Eye For Film >> Movies >> L'Amant Double (2017) Film Review
Fans of Seventies psychosexual thrillers - particularly Rosemary's Baby which receives several nods here and the films of Brian de Palma - will find much to enjoy in Francois Ozon's adaptation of Joyce Carole Oates Lives Of The twins, even if the story is as hokey as they come. He mentions the word "playful" more than once in the interview which accompanies the film's DVD release and that mindset is obvious from the start, when we are introduced to the film's main character first via a haircut and then by way of a cervix examination that cross cuts to her eye - a Buñuel in the oven, perhaps?
In fact, Chloé (Marine Vacth, channelling Mia Farrow with just a hint of Kristen Stewart) is told there is nothing physically wrong with her despite being borderline underweight. In a bid to solve her crippling stomach pains, she heads to a psychiatrist Paul Meyer (Jérémie Renier), a cosy cardiganed sort, and before you can say, "Psychiatryst", they're embarking on sessions of an altogether more intimate kind. Soon they're moving in together in an apartment complete with nosy, cake-making, cat-loving neighbour Rose (Myriam Boyer, in a Ruth Gordon-style scene-stealing turn) and Milo, Chloé's moggie, for which Paul harbours a thinly veiled dislike. Oh, and in one box, a passport that suggests there might be more to Paul than meets the eye.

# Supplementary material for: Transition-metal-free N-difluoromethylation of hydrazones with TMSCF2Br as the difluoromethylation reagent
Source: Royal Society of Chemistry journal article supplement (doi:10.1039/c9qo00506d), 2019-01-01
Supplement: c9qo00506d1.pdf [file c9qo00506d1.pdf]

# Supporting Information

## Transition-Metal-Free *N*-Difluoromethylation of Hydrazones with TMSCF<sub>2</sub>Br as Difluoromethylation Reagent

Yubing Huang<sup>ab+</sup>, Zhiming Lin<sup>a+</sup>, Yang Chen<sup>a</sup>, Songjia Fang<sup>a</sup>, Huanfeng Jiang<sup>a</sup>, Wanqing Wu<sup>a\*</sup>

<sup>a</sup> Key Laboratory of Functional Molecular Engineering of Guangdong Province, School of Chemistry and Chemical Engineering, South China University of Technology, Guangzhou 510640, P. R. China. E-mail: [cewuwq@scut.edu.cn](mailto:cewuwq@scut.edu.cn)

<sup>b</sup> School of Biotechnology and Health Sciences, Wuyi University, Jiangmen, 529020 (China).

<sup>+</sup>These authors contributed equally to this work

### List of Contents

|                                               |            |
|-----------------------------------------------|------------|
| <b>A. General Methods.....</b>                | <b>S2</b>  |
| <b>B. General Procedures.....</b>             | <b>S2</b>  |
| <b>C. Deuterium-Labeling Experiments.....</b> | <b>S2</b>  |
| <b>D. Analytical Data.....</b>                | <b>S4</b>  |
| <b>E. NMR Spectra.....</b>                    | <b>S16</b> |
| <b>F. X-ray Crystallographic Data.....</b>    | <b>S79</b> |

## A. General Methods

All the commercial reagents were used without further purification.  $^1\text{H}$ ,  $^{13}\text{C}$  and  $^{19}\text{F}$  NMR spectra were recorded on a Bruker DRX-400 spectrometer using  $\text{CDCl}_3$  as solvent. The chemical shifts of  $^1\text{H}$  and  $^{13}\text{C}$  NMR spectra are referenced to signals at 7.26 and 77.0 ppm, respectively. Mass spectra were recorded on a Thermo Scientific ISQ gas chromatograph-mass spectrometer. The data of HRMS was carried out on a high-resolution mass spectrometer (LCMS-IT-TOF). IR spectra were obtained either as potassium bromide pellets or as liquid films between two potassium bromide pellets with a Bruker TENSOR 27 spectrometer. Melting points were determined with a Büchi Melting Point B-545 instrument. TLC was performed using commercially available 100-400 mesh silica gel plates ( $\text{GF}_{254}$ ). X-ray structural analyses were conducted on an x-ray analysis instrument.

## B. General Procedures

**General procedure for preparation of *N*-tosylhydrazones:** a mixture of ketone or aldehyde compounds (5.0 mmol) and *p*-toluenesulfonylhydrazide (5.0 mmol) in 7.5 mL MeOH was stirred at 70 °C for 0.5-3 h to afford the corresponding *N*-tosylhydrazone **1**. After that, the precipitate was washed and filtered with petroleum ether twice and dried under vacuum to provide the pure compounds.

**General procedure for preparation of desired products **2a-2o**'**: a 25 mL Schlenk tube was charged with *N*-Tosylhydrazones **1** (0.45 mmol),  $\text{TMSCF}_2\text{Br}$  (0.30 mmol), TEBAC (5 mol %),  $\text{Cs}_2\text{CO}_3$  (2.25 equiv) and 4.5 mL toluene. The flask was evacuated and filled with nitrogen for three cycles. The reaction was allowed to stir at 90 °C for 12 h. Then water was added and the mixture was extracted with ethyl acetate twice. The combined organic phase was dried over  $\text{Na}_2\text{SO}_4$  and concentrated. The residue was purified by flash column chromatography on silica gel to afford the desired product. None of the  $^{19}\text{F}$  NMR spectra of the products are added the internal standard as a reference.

Ozon is so slick you forgive the outlandishness of it all as Chloé stumbles upon Paul's twin Louis (Renier on double duty), another psychiatrist who has a much more hands (not to mention tongue) on approach to therapy. He also has a cat which, of course, he adores. As Chloé embarks on the twin relationships, her mental state begins to slip - if, indeed, it hasn't already - with much of the film's tension driven as much by the uncertainty that seeing everything from her skewed and unreliable perspective creates as by the difficulty of knowing which twin is which.
Fantasy and Freud are to the fore in the frequent sexual encounters but Ozon, who has always been interested in the full length of the sexual continuum, makes sure Chloé is pivotal and not just a plaything. It's also no accident that the museum exhibition where Chloé is a warden has the posters bearing the shlocky labels, 'Flesh' and 'Blood'. The director revels in the chance to multiply with mirrors, also creating surface symmetries between Paul and Louis's lives, while all the time suggesting that you need only dig a little deeper to see Louis is the more dangerous of the two. If there is rather more surface than substance and the ending is signposted, it is a surface full of mischievous intricacy and a signpost of admirable elegance. Ozon continues to be one of those directors who I'd put money on to make a silk purse out of a sow's ear.Reviewed on: 09 Aug 2018
If you like this, try:Rosemary's Baby